Calum Munro explains why parents of children with additional support needs want a named person who can share information with other agencies
As John Swinney launches his consultation on the named person and the attacks on it continue, I would like to look at why a single point of contact with services was called for by families in the first place and what happens after the policy is in place.
Firstly, a single point of contact with services was asked for by parents and carers of children and young people with additional support needs.
These families continually faced a “pass the parcel” situation when they sought help, where they were the parcel and each time the music stopped, instead of stripping off a layer of wrapping paper more was added in the shape of service specific application forms.
Families recognised that this would require information sharing between agencies, and some were amazed and exasperated that it did not take place alreadyCalum Munro
This was often because services operated on a diagnosis-based model or had budget problems or had a “that doesn’t quite appear in my job description” mentality. Services would only accept information on their paperwork, even if parents and carers got into a service they had to tell and retell their story. The found themselves completing a multitude of forms asking the same information in different orders to suit the needs of each organisation or even different departments within the same organisation.
Their testimony of this experience led to the concept of a single point of initial contact for any family or young person who sought help. The person acting as the single point of contact would be required to take down the story once in a multi-agency acceptable format so that the family or young person was not required to repeat the basics time and time again.
Families recognised that this would require information sharing between agencies, and some were amazed and exasperated that it did not take place already. Importantly everybody recognised that the information being shared required to be accurate, pertinent and transparent to the family and all appropriate partners.
The current Labour position on removing access to a named person or single point of contact for young people at 16 is illogical. If a young person is out of school, hale and hearty and living an independent life they are unlikely to need to have a simple means of access to services for children with additional support needs. But not all issues requiring support for additional needs start or are identified conveniently before 16 years of age.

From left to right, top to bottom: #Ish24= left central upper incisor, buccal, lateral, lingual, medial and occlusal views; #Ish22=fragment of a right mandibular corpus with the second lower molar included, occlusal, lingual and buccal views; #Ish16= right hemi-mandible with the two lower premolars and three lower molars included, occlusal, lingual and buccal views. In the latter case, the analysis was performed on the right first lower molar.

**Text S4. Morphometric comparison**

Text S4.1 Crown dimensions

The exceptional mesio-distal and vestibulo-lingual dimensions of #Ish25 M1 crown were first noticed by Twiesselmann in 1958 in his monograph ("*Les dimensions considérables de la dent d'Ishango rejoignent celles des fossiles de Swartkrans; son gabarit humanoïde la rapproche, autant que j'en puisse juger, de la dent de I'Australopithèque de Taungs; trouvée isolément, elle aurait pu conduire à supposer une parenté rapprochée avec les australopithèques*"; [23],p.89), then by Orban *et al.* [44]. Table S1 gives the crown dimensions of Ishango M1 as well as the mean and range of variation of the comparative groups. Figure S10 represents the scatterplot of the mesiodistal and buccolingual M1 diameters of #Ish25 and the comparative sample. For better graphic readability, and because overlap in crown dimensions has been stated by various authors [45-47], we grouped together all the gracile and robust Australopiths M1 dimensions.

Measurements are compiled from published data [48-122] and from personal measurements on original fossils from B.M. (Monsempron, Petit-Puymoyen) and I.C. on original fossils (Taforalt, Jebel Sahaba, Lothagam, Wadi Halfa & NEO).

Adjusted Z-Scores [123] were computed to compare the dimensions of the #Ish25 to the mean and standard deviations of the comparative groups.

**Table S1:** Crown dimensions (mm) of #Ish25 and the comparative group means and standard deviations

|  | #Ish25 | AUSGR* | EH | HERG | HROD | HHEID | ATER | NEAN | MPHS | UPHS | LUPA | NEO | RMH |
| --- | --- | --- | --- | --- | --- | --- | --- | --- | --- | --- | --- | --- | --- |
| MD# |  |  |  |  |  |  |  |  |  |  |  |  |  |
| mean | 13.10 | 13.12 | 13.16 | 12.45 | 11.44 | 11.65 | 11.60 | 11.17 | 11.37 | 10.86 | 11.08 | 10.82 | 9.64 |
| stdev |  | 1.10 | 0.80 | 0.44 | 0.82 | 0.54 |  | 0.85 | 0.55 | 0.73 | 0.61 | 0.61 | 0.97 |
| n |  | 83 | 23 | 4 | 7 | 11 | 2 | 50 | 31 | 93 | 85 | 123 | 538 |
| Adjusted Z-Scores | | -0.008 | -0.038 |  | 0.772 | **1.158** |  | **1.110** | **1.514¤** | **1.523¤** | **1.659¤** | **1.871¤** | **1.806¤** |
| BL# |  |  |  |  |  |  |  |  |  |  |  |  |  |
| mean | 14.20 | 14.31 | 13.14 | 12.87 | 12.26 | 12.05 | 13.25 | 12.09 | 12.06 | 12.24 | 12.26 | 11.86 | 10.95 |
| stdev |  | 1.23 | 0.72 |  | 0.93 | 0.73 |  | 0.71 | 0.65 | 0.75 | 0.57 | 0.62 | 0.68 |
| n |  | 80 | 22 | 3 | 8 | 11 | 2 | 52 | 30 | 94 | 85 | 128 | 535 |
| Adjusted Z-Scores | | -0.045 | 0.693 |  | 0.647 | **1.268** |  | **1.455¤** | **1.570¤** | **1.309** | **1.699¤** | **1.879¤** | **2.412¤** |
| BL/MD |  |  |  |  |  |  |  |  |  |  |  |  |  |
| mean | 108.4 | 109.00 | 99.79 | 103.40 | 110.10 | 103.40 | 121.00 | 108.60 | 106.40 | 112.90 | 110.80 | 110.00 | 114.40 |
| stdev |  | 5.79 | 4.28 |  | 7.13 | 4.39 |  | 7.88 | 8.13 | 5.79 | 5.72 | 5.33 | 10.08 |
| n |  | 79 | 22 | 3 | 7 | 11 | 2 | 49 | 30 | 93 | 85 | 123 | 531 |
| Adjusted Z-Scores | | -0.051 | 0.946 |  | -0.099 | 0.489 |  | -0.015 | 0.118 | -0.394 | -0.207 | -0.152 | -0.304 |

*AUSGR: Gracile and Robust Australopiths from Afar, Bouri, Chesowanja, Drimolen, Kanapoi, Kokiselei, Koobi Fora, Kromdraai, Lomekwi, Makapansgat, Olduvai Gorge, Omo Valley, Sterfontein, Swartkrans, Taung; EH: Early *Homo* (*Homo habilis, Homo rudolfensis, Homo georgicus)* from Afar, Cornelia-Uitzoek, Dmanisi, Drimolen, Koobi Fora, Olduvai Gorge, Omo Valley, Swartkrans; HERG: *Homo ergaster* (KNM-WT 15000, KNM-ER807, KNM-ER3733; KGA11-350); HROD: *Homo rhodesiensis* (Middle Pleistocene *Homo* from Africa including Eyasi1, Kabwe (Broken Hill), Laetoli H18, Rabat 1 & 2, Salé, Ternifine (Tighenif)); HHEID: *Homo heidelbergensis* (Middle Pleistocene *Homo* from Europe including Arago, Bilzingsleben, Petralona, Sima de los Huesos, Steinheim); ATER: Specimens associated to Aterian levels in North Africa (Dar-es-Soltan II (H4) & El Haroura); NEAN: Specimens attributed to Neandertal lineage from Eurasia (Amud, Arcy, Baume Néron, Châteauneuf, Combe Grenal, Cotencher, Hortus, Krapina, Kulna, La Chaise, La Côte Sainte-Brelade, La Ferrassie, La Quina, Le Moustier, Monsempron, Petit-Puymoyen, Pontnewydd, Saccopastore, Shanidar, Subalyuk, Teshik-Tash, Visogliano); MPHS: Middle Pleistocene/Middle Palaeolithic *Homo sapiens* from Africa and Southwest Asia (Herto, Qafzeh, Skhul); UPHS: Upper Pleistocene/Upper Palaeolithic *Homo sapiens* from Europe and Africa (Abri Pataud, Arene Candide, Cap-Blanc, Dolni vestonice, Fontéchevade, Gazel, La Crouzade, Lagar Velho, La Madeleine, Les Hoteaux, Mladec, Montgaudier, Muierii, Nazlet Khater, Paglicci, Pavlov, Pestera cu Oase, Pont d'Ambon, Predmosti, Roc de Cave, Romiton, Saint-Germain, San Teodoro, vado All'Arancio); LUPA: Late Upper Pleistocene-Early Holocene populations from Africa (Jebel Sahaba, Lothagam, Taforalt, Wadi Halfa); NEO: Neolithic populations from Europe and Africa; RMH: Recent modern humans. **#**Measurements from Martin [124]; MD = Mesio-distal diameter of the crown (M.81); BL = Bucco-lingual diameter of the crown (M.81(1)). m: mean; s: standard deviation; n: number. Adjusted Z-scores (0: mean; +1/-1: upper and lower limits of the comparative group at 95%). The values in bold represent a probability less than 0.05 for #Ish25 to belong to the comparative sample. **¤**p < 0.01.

If young people are between 16 and 18 and they or their carers have concerns then a single point of contact should be available. Once they are the responsibility of adult services accessing support can be even more of a problem than it was under children and young people’s services, so why would anybody wish a poorer level of access on 16 to 18 year olds?
Parents and carers wanted a channel of access available for when they or their young people felt that they needed one. Somebody who had a duty to listen to them and to help them into the support system. It was a facility for families to use at their choice – not something done to all families.
Politicians have to be held to account for the proper funding of services for children and young people and not just for making good policy. Without adequate funding to properly deliver the beneficial outcomes, this policy will be nothing but political window dressing.
Everybody who genuinely believes in the wellbeing of all children must now get behind the concept of the single point of contact so that it fully complies with data protection regulations. This will allow for the start of the process of improving outcomes for children with additional needs, for their parents and carers and for their siblings.
If this policy is to bring benefits it requires the right people with the right attitudes, attributes and skills to be in place as the single point of contact. And they need resources at their disposal to make the policy deliver benefit. Many of the problems identified in the pilot projects appear to suggest that his test has not been fully met.
When there is a legally compliant and workable policy in place I hope that those individuals and organisations who have funded the anti-named person campaigns will deomonstrate they truly care about Scotland’s children and swing their energy and funding behind campaigns such as For Scotland’s Disabled Children, and the numerous charities that work tirelessly to create positive outcomes for children and young people with additional support needs.
Calum Munro was formerly policy lead to Highland Children’s Forum